We will continue to have some wins and some losses but definitely meal time is so much better and as long as there is variety it seems to be working for all of us".
* Kids will eat when they are hungry enough.
They will not starve themselves *.
The inference is that we can force our children to eat what we'd like them to if we just shut the back door and prevent any wriggle room.
This is an interesting statement on two levels:
We all eat for a range of different reasons and not all of them are about being hungry.
During school holidays it's interesting to watch why we, and why our children eat. Is it because:
- They are bored? Often when we don't have enough to do eating provides a welcome distraction. I know when I'm totally engrossed in something I don't think about food (as much!)
- They are looking for attention? Asking for food is a good way to get our focus and have us doing things especially for them. This may not be consciously thought through in that way but the end result is that we are at their beck and call.
I have seen parents achieve some incredible things and often, given my day job resolving picky eating, this is in the food sphere :)
Often all we need is some guidance, some confidence and a toolkit of strategies to use.
That's what I love doing! Giving you the tools so you can go away and make things happen for yourselves. It is not about creating a dependency on me and my advice, but the opposite. I want you to know how to do this on your own.
What I want you to go away with is:
Holidays are fun, relaxing and the perfect time to catch up with friends and family. Often as parents we’re just hanging on by our fingernails coming into a break from routines and the daily grind with that shining holiday keeping us vaguely sane!
But I know from talking to parents that having a picky eater can put a giant spanner in the plans. It can also turn a holiday into a potential minefield. Well-meaning relatives who are able to teach your child how to eat “properly”. Being away from home and on-hand accepted foods. Traveling and routines being disrupted. There are so many places where parents are suddenly finding an already challenging task has become even more difficult.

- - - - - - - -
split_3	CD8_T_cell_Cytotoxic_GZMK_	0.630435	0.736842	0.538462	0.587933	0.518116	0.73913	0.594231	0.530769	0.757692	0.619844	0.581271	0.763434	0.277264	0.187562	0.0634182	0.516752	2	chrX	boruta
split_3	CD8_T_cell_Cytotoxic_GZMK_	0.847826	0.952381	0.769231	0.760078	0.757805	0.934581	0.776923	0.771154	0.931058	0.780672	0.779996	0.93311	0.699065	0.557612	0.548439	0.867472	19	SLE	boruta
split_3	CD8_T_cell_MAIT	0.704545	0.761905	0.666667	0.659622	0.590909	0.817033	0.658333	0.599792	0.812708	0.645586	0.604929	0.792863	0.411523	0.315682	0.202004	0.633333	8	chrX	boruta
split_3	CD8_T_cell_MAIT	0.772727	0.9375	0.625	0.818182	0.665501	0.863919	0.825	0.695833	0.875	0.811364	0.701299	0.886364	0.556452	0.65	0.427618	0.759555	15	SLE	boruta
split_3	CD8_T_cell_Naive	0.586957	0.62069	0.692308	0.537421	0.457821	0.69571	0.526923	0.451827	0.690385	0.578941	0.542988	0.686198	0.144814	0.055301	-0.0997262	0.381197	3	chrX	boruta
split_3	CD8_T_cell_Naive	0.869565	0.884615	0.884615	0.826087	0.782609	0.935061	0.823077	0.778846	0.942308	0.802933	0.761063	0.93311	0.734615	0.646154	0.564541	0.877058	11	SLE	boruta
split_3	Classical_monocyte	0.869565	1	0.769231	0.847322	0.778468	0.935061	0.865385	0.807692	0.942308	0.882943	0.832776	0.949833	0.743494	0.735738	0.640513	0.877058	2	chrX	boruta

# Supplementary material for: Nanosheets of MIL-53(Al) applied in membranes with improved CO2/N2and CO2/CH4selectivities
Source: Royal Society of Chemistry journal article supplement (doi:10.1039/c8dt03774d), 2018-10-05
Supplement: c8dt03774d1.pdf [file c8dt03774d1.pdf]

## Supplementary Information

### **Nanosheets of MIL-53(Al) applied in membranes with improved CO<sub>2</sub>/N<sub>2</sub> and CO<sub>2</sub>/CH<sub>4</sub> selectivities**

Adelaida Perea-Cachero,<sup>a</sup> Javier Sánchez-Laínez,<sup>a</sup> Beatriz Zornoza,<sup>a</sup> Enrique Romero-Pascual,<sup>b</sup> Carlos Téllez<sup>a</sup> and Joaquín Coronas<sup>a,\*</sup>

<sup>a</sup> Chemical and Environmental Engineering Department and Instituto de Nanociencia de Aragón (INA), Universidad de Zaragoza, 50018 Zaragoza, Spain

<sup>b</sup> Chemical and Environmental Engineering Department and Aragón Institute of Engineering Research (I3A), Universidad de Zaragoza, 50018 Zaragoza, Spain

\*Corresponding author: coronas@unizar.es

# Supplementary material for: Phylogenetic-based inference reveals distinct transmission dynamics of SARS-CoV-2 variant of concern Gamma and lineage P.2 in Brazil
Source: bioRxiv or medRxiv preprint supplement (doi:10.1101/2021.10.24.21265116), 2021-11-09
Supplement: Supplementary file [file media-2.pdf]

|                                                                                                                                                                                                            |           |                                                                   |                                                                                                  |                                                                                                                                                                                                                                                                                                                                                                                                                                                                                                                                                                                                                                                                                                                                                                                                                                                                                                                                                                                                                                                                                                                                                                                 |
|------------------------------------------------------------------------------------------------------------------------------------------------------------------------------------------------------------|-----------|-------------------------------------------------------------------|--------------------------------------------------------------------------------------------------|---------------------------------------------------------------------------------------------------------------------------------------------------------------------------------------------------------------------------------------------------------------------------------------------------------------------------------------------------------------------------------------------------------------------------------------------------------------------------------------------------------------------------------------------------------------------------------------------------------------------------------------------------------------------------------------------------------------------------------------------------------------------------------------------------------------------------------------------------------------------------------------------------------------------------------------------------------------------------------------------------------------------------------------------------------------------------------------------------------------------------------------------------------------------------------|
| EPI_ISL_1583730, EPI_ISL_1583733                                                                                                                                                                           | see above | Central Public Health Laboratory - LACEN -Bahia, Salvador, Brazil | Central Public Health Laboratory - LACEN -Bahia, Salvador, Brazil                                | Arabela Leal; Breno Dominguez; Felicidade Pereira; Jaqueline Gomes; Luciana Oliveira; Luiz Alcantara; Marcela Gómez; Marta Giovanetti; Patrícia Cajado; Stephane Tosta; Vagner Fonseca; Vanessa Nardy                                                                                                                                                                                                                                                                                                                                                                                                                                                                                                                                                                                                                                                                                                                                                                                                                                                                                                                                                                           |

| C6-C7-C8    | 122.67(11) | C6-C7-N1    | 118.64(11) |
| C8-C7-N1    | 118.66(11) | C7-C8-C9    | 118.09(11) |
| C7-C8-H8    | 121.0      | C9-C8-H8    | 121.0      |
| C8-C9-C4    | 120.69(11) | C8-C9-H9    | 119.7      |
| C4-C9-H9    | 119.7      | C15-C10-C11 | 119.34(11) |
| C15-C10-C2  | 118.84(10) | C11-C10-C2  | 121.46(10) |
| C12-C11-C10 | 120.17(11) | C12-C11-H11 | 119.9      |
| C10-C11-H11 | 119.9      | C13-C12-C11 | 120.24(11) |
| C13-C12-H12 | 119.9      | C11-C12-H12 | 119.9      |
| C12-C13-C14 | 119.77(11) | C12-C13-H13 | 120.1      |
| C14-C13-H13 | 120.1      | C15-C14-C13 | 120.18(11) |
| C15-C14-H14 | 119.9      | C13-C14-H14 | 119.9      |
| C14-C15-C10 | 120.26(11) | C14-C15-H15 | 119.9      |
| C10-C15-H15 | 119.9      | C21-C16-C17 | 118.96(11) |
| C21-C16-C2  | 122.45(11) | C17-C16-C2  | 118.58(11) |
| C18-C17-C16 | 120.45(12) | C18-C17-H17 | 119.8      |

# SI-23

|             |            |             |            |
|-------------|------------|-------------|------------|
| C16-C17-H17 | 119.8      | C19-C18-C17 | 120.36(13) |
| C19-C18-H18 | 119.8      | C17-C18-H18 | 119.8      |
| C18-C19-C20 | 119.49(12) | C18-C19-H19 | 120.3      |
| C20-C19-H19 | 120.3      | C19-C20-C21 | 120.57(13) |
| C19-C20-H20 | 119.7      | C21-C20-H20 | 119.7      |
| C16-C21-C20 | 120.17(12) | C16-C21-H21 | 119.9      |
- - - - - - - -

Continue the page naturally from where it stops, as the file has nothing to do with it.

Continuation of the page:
There is no magic bullet resolution to this but there are some strategies that may make things a little easier:
1. Relax – I know my stress levels go up planning to go away and working out what food to take and how best to manage everything. That definitely gets communicated to my boys. I know when they were little in the few days before a holiday their behaviour used to disintegrate. Hmm, cause and effect?
As we are the most important relationship our young child has, it’s important that we are as relaxed as possible – especially around food. If we are stressing, they will pick up on this. The more relaxed children are the more likely they are to want to eat. As parents we often set the atmosphere without even realising it. How can we create an environment that enables us all to relax?
True or false?
In general, fussy eaters prefer foods that are beige, and uniform and without surprises!
This makes sense. A cracker for example, has that lovely predictability and uniformity. It will always look, feel and taste the same.
Picky eaters often have remarkably similar diets consisting of foods like cereals, toast, crackers, plain pasta and nuggets.
However, I know from speaking to 100's of parents that there are also children who, although very selective when it comes to most foods, have some weird likings for left of centre foods.